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A UMNS photo by Mike DuBose.

United Methodist Bishop Minerva Carcaño is framed by the tightly-spaced mesh of the border fence between San Diego and Tijuana, Mexico last month. Today President Obama made a call for immigration reform to fix a “broken immigration system.”

Carcaño guest at Obama immigration speech

By Kathy L. Gilbert and Amanda Bachus*
6:30 P.M. ET Jan. 29, 2013 | LAS VEGAS

When President Barack Obama outlined his plan for immigration reform at a high school in Las Vegas Jan. 29, he made sure The United Methodist Church was represented in recognition of the "hard work" the denomination is doing for undocumented immigrants.

Bishop Minerva Carcaño, episcopal leader for the California-Pacific Annual (regional) Conference and chair of the United Methodist Interagency Taskforce on Immigration, was invited by the president to be at the conference.

"I was highly encouraged that he made it clear immigration reform is a priority ... that he is going to see it happen and see it happen soon.

"We are on his radar and we need to stay on his radar," she said, after the speech at Del Sol High School, a majority Hispanic high school in Las Vegas. In addition to the bishop, two United Methodist pastors were also in the audience, the Rev. Dennis Hutson, pastor of Advent United Methodist Church, and the Rev. Camille Pentsil, pastor at Zion United Methodist Church, both in Las Vegas.

Carcaño has been the spokesperson for immigration reform for the Council of Bishops since 2006, and she praised the work of the council. The bishop, who speaks as a daughter of immigrants, is no stranger to media attention for her stand on immigration. She has faced foes from television host Lou Dobbs to well-known Maricopa County (Arizona) Sheriff Joe Arpaio.

During his speech, Obama said, "A lot of folks forget that most of 'us' used to be them," he said. "Unless you are Native American, you came here from someplace else."

Carcaño said it was apparent that he cares for the 11 million undocumented immigrants in the United States and millions of young people who came to the country as children and now are seeking a path to citizenship to complete college degrees or serve in military service. They are called DREAMers in reference to the DREAM Act or the Development, Relief and Education for Alien Minors Act.

During his speech, Obama pointed out audience member Alan Aleman, a DREAMer who is pursuing his education but is undocumented. He said the young man was an excellent example of the type of young person who would benefit from passage of the DREAM Act.

"It was a marvelous moment; I felt a cultural shift," Carcaño said.

The church needs to step up and show extravagant hospitality to take extra care of those who will be coming out of the shadows.      — Bishop Minerva Carcaño

However, some of the things in his plan concern her, she said, such as linking a pathway to citizenship with increased border security.

"What are the markers, when will the borders be secure enough? Why should 11 million people be doubly punished? How will they feed their families?"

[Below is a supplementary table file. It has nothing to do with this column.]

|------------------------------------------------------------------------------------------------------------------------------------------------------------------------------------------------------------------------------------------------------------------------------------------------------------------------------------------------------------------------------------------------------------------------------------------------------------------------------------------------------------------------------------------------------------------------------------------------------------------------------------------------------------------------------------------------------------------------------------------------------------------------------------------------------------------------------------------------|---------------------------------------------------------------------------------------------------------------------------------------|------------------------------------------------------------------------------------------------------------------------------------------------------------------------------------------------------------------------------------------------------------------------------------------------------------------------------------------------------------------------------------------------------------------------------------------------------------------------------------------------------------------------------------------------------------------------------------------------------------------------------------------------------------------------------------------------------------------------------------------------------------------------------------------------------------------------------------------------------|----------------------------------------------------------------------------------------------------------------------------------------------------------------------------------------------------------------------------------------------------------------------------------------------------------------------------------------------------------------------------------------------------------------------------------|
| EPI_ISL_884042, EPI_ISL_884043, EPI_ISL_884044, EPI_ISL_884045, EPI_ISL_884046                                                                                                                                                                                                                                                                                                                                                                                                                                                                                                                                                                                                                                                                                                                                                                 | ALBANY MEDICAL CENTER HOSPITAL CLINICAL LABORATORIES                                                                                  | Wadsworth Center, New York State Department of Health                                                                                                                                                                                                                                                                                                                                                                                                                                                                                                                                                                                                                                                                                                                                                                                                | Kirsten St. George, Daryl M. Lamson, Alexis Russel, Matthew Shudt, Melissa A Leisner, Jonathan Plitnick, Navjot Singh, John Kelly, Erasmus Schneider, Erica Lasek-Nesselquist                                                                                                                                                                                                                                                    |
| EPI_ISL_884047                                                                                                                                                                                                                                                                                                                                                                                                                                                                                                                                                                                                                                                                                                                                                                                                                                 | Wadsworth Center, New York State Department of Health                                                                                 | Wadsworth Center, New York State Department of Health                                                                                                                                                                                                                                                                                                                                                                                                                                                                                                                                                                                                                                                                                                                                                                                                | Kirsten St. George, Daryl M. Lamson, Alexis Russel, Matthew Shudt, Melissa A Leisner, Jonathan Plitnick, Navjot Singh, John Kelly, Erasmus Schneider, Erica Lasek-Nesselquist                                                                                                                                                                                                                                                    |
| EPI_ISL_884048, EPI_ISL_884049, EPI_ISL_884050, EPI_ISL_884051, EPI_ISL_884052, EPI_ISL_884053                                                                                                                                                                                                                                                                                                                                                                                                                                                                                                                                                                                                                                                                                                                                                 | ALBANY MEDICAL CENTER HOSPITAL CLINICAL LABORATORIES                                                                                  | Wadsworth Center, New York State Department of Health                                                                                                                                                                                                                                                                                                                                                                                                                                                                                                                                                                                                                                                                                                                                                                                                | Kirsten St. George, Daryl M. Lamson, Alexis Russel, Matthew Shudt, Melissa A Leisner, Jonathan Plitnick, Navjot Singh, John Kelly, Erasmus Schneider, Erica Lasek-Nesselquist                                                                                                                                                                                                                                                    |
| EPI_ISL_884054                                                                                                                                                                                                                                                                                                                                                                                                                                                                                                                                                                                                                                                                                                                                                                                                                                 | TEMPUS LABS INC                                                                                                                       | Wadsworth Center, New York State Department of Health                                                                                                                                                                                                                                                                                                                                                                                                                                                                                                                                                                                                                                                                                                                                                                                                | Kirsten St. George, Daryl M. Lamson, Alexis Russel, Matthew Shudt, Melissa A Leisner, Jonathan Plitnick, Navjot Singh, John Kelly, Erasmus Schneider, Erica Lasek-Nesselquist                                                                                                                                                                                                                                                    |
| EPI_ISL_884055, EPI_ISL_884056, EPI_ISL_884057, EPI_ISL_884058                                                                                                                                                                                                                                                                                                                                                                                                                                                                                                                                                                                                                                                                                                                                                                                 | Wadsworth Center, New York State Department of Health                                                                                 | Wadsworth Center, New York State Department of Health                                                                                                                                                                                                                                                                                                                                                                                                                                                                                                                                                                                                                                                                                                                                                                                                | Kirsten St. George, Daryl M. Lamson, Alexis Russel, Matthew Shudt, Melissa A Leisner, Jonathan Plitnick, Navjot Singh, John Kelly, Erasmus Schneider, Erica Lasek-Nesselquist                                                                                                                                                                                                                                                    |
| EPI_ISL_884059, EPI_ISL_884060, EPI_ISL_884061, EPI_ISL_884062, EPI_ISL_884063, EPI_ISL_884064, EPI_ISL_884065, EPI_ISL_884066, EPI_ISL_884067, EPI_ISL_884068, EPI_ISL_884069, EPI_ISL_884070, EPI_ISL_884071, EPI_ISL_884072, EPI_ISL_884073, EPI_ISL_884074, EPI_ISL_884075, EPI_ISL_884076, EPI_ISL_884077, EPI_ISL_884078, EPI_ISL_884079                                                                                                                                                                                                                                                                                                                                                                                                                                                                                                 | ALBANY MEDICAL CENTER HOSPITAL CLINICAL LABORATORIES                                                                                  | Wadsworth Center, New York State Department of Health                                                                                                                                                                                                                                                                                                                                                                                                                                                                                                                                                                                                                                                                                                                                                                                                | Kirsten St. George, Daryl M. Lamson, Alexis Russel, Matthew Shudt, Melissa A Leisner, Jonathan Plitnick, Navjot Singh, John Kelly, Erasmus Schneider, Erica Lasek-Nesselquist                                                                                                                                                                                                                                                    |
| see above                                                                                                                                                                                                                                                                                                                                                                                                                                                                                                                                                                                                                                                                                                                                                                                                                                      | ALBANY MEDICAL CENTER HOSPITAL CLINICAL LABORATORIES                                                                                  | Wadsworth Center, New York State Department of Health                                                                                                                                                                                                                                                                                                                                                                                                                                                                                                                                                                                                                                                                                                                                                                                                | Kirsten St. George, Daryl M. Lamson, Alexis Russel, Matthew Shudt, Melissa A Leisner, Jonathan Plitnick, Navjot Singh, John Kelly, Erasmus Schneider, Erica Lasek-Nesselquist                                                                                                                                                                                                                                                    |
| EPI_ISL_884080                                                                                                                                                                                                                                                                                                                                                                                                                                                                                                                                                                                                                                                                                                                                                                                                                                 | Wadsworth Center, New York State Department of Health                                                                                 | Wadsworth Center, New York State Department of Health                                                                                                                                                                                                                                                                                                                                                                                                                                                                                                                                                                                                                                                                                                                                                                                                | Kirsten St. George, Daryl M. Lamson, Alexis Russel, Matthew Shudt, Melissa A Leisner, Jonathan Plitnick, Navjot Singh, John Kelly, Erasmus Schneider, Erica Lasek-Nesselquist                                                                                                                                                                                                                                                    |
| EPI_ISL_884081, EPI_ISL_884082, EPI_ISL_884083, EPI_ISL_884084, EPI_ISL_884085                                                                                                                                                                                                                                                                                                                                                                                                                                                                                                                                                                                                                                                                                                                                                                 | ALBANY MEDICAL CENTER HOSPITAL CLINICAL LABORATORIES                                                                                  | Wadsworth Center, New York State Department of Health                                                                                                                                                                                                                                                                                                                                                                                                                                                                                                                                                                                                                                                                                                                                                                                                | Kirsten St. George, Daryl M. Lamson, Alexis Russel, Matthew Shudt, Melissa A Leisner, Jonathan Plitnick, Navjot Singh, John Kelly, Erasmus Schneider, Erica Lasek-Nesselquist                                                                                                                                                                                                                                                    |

The church needs to step up and show extravagant hospitality to take extra care of those who will be coming out of the shadows, she said.

Carcaño said Justice For Our Neighbors, free legal clinics offered by some United Methodist conferences, and Rapid Response teams, who come to the aid of a family when someone is suddenly deported, need the church's support now more than ever.

Support from faith leaders

National faith leaders from Catholic, Protestant — including United Methodist - and Jewish traditions affirmed the President's call for immigration reform.

In his speech, President Obama outlined the key principles he said are necessary for immigration reform:

  • Continuing to strengthen border security
  • Cracking down on employers hiring undocumented workers
  • Earned citizenship
  • Streamlining legal immigration

The United Methodist Board of Church and Society praised the bipartisan framework for comprehensive immigration reform announced by eight U.S. senators Jan. 28.

Jim Winkler, chief executive of the Board of Church and Society, however, said the emphasis on increased border security is disappointing.

"We have spent billions on border security. We have deported more than a million people in the past several years, including 100,000 parents of U.S. citizen children. What more needs to be done?" he asked.

The Rev. Saύl Montiel, a border missionary with the United Methodist Board of Global Ministries in the California-Pacific conference, rejoiced at the news of the bipartisan bill but agrees it does not need to be linked to border security.

"When I heard the press conference yesterday that eight senators, four Republicans and four Democrats, were taking the lead on an immigration bill, it was like an explosion of an atomic bomb," he said. "I was overwhelmed by sentiments of gratitude to a God who has been present in the immigration struggle since the very beginning. Yesterday, I joined in with the shout of joy of millions undocumented immigrants who heard the good news of a coming immigration reform."

Montiel warned the process will be slow and long.

"The church should respond with joy because it played a significant role since the very beginning of struggle. The involvement of United Methodists was instrumental to get to this point."

To learn more about The United Methodist Church and immigration, visit www.umc.org/immigration.

*Gilbert is a multimedia reporter for the young adult content team at United Methodist Communications, Nashville, Tenn. Bachus is United Methodist Communications' Spanish resources director.

News media contact: Kathy L. Gilbert, Nashville, Tenn., (615) 742-5470 or newsdesk@umcom.org.

 

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